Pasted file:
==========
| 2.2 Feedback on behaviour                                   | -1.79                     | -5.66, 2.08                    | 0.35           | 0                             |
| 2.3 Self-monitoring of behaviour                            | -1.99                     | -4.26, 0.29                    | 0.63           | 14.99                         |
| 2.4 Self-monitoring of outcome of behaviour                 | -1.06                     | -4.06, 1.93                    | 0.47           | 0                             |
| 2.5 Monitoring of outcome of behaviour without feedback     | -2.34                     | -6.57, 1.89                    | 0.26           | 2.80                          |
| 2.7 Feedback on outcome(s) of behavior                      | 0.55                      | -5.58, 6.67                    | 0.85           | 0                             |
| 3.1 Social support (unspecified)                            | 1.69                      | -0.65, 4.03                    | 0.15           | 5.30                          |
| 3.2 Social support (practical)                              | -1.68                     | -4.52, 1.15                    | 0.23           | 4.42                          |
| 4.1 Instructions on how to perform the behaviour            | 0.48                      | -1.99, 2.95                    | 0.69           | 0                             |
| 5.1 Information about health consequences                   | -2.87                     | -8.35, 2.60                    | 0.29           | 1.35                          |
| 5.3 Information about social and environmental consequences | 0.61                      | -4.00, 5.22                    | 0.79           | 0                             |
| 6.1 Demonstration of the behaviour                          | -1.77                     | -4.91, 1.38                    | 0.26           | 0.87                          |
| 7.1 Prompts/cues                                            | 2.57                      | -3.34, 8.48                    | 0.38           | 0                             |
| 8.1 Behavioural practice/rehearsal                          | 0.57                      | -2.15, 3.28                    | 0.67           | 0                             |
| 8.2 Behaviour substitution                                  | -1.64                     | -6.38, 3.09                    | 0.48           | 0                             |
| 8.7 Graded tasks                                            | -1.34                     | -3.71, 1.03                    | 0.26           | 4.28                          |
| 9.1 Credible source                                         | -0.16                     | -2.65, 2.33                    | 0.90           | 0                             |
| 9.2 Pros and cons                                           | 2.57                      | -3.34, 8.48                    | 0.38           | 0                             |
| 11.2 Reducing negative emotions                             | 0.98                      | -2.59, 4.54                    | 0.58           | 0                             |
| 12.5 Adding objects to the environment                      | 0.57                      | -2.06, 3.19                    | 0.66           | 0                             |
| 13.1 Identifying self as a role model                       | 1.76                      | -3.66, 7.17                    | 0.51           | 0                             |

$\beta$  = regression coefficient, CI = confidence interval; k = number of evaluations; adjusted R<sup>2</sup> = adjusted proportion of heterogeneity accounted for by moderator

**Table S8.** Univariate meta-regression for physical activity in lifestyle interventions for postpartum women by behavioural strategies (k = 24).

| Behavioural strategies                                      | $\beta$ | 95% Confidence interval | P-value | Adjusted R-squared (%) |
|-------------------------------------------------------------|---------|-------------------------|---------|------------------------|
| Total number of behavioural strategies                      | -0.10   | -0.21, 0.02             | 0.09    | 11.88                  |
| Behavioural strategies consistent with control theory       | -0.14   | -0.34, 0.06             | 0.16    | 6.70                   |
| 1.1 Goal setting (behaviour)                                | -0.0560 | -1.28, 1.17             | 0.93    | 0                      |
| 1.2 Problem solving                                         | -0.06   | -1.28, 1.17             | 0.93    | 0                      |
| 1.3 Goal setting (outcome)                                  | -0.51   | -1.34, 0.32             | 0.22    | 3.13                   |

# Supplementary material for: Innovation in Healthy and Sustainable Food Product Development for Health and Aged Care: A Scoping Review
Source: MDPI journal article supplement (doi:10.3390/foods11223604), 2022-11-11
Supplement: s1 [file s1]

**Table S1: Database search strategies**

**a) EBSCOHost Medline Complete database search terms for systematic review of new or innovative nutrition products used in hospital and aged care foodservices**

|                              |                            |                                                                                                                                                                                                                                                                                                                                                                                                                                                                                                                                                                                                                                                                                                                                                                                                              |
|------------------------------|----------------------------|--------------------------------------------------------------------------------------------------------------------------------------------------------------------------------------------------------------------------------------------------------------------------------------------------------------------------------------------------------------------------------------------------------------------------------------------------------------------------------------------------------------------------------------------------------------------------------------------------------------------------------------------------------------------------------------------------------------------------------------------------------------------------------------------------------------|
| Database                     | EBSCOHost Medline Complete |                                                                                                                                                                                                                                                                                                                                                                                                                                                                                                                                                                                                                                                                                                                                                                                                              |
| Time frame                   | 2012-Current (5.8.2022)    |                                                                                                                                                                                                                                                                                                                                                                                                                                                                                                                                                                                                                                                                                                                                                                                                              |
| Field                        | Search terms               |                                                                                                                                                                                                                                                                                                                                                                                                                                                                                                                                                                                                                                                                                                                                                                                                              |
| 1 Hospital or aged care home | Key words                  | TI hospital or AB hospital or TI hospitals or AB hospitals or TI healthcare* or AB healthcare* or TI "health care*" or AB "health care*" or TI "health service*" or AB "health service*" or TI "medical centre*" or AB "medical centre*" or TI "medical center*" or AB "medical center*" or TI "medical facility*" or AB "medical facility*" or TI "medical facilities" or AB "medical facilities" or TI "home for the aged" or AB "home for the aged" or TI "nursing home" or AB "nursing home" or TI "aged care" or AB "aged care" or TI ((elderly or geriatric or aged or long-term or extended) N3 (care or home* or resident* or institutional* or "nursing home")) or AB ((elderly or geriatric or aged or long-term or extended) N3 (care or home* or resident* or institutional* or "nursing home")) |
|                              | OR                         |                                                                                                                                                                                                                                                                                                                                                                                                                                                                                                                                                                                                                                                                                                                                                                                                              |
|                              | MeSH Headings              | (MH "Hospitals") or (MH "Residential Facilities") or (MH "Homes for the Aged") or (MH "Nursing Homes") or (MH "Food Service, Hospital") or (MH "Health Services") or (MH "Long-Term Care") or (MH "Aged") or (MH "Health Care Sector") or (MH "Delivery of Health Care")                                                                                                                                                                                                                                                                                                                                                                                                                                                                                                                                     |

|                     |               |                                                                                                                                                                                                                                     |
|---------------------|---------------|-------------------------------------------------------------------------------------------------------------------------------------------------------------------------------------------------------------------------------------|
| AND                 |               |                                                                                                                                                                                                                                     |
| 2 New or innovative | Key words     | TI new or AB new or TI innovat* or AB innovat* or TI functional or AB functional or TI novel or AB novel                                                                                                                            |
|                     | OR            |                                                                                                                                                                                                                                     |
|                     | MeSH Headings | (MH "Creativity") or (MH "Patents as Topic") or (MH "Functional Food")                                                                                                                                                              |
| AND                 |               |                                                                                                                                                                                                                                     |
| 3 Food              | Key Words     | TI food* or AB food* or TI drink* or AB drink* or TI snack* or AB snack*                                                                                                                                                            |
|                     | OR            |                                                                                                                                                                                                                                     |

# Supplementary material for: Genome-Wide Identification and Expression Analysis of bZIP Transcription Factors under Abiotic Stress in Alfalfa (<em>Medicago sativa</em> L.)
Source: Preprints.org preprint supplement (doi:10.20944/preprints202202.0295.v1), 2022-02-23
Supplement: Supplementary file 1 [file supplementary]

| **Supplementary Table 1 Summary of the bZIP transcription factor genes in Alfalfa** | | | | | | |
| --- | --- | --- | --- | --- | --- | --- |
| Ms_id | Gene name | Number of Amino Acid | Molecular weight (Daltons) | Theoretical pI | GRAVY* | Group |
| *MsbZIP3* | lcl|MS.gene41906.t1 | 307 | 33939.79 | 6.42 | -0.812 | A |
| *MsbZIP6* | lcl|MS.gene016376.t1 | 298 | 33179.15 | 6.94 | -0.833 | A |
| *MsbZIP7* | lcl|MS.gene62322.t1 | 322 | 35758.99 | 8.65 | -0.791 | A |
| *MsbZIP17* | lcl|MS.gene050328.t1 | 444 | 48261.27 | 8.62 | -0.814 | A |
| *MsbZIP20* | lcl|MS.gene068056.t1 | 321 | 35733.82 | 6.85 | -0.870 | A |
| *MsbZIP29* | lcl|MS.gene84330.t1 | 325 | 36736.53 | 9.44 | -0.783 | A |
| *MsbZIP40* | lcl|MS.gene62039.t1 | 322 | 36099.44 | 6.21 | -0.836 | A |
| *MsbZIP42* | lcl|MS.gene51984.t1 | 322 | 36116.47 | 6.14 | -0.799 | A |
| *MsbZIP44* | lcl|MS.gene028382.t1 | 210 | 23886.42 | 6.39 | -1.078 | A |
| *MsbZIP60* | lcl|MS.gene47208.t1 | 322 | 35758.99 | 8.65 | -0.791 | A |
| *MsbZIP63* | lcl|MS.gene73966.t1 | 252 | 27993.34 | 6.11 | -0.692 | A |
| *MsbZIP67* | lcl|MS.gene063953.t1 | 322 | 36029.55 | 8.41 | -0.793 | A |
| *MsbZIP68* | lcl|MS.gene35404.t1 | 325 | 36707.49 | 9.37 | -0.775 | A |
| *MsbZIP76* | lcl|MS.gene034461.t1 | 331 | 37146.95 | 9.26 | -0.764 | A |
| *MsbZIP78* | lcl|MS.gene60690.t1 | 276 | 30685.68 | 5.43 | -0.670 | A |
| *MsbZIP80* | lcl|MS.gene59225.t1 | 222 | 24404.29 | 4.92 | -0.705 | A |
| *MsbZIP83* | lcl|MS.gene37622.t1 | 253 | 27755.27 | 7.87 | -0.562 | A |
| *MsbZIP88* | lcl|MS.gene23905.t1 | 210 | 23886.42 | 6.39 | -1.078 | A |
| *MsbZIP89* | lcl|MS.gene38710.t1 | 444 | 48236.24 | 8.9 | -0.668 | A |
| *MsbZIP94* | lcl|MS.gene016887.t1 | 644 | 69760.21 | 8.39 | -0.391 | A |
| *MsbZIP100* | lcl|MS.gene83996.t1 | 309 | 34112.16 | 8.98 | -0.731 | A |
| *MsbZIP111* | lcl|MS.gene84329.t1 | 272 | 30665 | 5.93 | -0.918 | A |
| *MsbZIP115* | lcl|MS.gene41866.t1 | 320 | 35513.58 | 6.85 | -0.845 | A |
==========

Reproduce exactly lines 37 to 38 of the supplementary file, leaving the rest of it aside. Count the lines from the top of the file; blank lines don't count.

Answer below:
| Database                     | EBSCOHost Medline Complete |                                                                                                                                                                                                                                                                                                                                                                                                                                                                                                                                                                                                                                                                                                                                                                                                              |
| Time frame                   | 2012-Current (5.8.2022)    |                                                                                                                                                                                                                                                                                                                                                                                                                                                                                                                                                                                                                                                                                                                                                                                                              |